Amid a crippling pandemic killing one American per minute and causing layoffs, bankruptcies, and fear of continued economic troubles in the year ahead, the Puget Sound real estate market has continued on its seemingly unstoppable path of rising prices since bottoming out in 2012 after the Great Recession.
A relatively high demand can result if the supply drops, which has indeed happened as shown in the below two graphs. The figure on the left shows a snapshot of home inventory for October 2018, 2019, and 2020, while the figure on the right shows monthly inventory for the past three years (each month being a three-month total to reduce jaggedness in the lines).
Despite the lower inventory, the number of new listings in King County went up between October 2019 (3,099) and October 2020 (4,224) as shown in the figure below on the left, a 36% rise. A drop in supply despite more new listings must mean more homes are being snapped up, a conclusion confirmed in the figure below on the right, which shows that 2,927 King County homes closed in October 2019 and 3,944 closed in October 2020.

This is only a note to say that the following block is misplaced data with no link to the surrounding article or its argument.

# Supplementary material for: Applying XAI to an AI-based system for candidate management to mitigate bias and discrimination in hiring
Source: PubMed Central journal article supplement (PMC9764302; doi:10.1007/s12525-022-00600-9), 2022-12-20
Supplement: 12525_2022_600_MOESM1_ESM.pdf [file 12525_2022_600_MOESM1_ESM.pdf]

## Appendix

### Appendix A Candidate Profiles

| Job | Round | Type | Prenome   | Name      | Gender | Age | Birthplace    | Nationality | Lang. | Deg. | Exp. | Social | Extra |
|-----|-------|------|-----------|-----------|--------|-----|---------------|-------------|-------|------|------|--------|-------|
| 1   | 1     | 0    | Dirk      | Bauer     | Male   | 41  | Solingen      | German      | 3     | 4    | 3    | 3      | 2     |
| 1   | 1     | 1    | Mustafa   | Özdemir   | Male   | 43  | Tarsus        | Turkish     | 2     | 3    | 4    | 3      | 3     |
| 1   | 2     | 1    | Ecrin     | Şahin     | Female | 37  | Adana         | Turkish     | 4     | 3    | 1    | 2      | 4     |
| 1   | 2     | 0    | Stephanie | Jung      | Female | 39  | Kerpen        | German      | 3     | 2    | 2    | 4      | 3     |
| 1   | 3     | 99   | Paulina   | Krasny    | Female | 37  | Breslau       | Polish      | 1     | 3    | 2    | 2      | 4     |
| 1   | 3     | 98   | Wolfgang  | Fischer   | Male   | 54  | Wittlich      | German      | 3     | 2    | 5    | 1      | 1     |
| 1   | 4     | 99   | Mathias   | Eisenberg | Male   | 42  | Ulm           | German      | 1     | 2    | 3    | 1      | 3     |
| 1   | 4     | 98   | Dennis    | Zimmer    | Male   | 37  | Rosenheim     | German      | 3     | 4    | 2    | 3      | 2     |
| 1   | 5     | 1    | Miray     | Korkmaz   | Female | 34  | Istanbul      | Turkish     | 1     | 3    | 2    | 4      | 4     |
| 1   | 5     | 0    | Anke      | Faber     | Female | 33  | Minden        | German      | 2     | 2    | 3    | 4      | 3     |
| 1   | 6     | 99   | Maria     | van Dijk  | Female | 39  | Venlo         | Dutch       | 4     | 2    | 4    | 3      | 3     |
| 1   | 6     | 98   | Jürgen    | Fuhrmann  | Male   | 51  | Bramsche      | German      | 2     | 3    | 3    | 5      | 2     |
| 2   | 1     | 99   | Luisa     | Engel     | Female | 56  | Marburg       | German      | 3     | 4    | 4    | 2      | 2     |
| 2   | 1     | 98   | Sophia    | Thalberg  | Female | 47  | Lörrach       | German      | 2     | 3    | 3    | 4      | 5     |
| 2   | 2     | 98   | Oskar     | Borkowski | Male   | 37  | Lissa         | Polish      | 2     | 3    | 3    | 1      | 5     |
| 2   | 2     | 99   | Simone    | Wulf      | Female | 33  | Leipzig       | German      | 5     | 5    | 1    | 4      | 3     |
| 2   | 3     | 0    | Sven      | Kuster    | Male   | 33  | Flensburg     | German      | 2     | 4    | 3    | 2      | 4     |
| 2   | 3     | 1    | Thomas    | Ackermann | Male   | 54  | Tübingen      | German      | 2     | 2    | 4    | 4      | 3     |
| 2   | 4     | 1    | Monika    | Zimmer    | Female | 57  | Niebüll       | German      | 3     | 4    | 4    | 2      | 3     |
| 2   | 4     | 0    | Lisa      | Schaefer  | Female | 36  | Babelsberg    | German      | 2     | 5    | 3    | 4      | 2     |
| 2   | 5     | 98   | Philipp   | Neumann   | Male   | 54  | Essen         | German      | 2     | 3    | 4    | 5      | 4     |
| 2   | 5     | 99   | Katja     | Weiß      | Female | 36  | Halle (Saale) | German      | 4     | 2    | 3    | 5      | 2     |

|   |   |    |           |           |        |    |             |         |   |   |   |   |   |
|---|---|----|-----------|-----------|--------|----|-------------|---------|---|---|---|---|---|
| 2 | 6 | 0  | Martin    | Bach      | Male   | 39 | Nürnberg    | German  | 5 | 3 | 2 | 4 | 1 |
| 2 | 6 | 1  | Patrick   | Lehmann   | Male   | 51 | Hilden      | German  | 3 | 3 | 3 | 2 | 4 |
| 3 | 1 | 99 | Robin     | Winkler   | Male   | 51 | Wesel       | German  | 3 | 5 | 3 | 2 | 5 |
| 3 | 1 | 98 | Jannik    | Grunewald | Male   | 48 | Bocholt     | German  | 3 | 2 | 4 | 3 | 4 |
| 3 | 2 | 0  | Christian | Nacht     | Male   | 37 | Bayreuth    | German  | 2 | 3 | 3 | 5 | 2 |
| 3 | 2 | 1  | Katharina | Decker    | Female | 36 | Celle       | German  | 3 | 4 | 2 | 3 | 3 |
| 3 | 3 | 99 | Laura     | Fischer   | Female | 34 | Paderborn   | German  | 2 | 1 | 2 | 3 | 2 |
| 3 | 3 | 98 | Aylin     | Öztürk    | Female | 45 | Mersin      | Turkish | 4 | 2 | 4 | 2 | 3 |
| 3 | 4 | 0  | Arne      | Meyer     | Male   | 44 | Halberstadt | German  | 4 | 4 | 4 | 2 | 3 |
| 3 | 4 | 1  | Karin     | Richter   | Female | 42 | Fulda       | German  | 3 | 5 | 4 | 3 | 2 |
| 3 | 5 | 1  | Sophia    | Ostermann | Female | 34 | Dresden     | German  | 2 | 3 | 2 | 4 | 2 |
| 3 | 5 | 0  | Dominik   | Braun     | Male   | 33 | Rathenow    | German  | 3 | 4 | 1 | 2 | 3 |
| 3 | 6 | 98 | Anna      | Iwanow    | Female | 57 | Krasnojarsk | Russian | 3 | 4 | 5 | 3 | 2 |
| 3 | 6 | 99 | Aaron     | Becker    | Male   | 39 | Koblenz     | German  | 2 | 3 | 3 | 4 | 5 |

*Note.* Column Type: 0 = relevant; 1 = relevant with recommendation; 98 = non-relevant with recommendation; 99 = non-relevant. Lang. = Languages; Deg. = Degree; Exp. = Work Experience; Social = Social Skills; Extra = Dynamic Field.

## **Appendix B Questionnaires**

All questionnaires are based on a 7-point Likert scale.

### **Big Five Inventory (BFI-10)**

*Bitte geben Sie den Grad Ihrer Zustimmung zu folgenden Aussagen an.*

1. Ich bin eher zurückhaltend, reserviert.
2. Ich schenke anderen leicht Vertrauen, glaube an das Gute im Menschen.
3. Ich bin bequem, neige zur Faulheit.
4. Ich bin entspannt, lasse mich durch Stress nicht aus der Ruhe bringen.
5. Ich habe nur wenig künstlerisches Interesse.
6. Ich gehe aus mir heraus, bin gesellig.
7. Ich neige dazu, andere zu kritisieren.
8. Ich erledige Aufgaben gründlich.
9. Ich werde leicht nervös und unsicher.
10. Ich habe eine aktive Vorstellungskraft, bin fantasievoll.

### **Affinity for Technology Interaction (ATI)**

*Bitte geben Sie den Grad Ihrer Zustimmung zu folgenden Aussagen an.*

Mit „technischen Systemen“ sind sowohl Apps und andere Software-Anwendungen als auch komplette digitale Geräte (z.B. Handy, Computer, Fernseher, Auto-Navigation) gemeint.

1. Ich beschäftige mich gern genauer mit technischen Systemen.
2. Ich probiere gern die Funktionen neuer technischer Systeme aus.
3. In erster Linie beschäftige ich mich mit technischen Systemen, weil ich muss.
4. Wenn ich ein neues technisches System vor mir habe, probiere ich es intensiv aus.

Despite this continued activity in the local real estate market, because Congress has not yet passed a second stimulus package to counter the pandemic, the economy may be in for a serious fall. Should Congress not act soon, the economy may undergo further difficulties that could affect the Puget Sound housing market. With promising COVID-19 vaccinations in the offing, however, the housing market here may have adequate resilience to last until the general economy picks back up regardless of economic stimulus from the federal government.
For 2021 forecasts of the Puget Sound housing market, see:
- Seattle Real Estate Market: Trends & Investment Outlook by Marco Santarelli, and
- Seattle Housing Market Forecast for 2021 by Sylvia Shalhout
At RJRE, factors we will be watching include whether telecommuting remains strong, which could lead to an urban exodus; whether Californians fleeing fires and high housing prices set their sights on Puget Sound; and how coronavirus vaccines are rolled out once approved.